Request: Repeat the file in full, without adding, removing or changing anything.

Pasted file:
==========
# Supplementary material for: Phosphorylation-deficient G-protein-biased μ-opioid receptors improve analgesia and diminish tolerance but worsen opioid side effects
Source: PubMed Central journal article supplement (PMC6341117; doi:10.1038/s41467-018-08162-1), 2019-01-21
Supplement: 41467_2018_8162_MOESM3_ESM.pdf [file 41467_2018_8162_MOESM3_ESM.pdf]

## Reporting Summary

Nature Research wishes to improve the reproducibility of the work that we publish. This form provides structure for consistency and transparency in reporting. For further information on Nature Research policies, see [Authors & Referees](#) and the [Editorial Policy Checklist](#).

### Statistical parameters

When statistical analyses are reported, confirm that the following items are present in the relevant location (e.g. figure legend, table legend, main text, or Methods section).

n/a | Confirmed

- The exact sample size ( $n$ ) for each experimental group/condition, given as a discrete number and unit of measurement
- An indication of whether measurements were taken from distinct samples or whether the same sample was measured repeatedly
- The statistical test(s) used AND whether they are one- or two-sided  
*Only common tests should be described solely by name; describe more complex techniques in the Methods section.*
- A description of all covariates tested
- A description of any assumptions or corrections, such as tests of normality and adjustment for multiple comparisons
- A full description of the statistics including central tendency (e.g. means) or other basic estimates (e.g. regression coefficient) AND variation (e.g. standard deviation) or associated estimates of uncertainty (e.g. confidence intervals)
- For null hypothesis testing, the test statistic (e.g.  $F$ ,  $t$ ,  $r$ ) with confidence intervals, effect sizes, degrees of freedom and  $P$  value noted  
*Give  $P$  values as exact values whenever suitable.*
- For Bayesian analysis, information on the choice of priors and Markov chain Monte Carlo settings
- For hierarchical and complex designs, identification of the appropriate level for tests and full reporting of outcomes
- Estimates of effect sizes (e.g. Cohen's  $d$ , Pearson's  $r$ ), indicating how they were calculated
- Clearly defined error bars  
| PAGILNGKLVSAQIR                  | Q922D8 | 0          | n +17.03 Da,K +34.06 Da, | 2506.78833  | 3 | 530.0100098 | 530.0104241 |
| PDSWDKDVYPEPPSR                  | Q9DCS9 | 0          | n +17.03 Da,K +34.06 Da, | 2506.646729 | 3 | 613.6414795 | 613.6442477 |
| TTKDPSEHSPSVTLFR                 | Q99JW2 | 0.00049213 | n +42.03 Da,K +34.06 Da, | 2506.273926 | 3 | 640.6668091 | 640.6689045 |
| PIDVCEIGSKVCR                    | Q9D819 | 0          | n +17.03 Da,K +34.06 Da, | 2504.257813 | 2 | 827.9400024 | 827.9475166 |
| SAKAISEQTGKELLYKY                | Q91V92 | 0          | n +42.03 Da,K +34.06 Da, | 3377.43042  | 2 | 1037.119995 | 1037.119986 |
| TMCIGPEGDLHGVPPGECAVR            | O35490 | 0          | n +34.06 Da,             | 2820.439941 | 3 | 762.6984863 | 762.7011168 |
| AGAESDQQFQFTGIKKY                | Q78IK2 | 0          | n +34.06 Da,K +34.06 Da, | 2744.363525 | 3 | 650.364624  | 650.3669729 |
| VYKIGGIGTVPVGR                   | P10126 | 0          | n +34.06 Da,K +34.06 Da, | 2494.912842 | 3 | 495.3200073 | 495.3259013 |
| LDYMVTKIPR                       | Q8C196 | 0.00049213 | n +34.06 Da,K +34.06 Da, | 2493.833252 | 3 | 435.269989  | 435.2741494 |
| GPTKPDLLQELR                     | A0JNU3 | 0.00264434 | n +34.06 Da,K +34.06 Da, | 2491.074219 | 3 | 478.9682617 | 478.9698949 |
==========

# Supplementary material for: Phosphorylation-deficient G-protein-biased μ-opioid receptors improve analgesia and diminish tolerance but worsen opioid side effects
Source: PubMed Central journal article supplement (PMC6341117; doi:10.1038/s41467-018-08162-1), 2019-01-21
Supplement: 41467_2018_8162_MOESM3_ESM.pdf [file 41467_2018_8162_MOESM3_ESM.pdf]

## Reporting Summary

Nature Research wishes to improve the reproducibility of the work that we publish. This form provides structure for consistency and transparency in reporting. For further information on Nature Research policies, see [Authors & Referees](#) and the [Editorial Policy Checklist](#).

### Statistical parameters

When statistical analyses are reported, confirm that the following items are present in the relevant location (e.g. figure legend, table legend, main text, or Methods section).

n/a | Confirmed

- The exact sample size ( $n$ ) for each experimental group/condition, given as a discrete number and unit of measurement
- An indication of whether measurements were taken from distinct samples or whether the same sample was measured repeatedly
- The statistical test(s) used AND whether they are one- or two-sided  
*Only common tests should be described solely by name; describe more complex techniques in the Methods section.*
- A description of all covariates tested
- A description of any assumptions or corrections, such as tests of normality and adjustment for multiple comparisons
- A full description of the statistics including central tendency (e.g. means) or other basic estimates (e.g. regression coefficient) AND variation (e.g. standard deviation) or associated estimates of uncertainty (e.g. confidence intervals)
- For null hypothesis testing, the test statistic (e.g.  $F$ ,  $t$ ,  $r$ ) with confidence intervals, effect sizes, degrees of freedom and  $P$  value noted  
*Give  $P$  values as exact values whenever suitable.*
- For Bayesian analysis, information on the choice of priors and Markov chain Monte Carlo settings
- For hierarchical and complex designs, identification of the appropriate level for tests and full reporting of outcomes
- Estimates of effect sizes (e.g. Cohen's  $d$ , Pearson's  $r$ ), indicating how they were calculated
- Clearly defined error bars  
| PAGILNGKLVSAQIR                  | Q922D8 | 0          | n +17.03 Da,K +34.06 Da, | 2506.78833  | 3 | 530.0100098 | 530.0104241 |
| PDSWDKDVYPEPPSR                  | Q9DCS9 | 0          | n +17.03 Da,K +34.06 Da, | 2506.646729 | 3 | 613.6414795 | 613.6442477 |
| TTKDPSEHSPSVTLFR                 | Q99JW2 | 0.00049213 | n +42.03 Da,K +34.06 Da, | 2506.273926 | 3 | 640.6668091 | 640.6689045 |
| PIDVCEIGSKVCR                    | Q9D819 | 0          | n +17.03 Da,K +34.06 Da, | 2504.257813 | 2 | 827.9400024 | 827.9475166 |
| SAKAISEQTGKELLYKY                | Q91V92 | 0          | n +42.03 Da,K +34.06 Da, | 3377.43042  | 2 | 1037.119995 | 1037.119986 |
| TMCIGPEGDLHGVPPGECAVR            | O35490 | 0          | n +34.06 Da,             | 2820.439941 | 3 | 762.6984863 | 762.7011168 |
| AGAESDQQFQFTGIKKY                | Q78IK2 | 0          | n +34.06 Da,K +34.06 Da, | 2744.363525 | 3 | 650.364624  | 650.3669729 |
| VYKIGGIGTVPVGR                   | P10126 | 0          | n +34.06 Da,K +34.06 Da, | 2494.912842 | 3 | 495.3200073 | 495.3259013 |
| LDYMVTKIPR                       | Q8C196 | 0.00049213 | n +34.06 Da,K +34.06 Da, | 2493.833252 | 3 | 435.269989  | 435.2741494 |
| GPTKPDLLQELR                     | A0JNU3 | 0.00264434 | n +34.06 Da,K +34.06 Da, | 2491.074219 | 3 | 478.9682617 | 478.9698949 |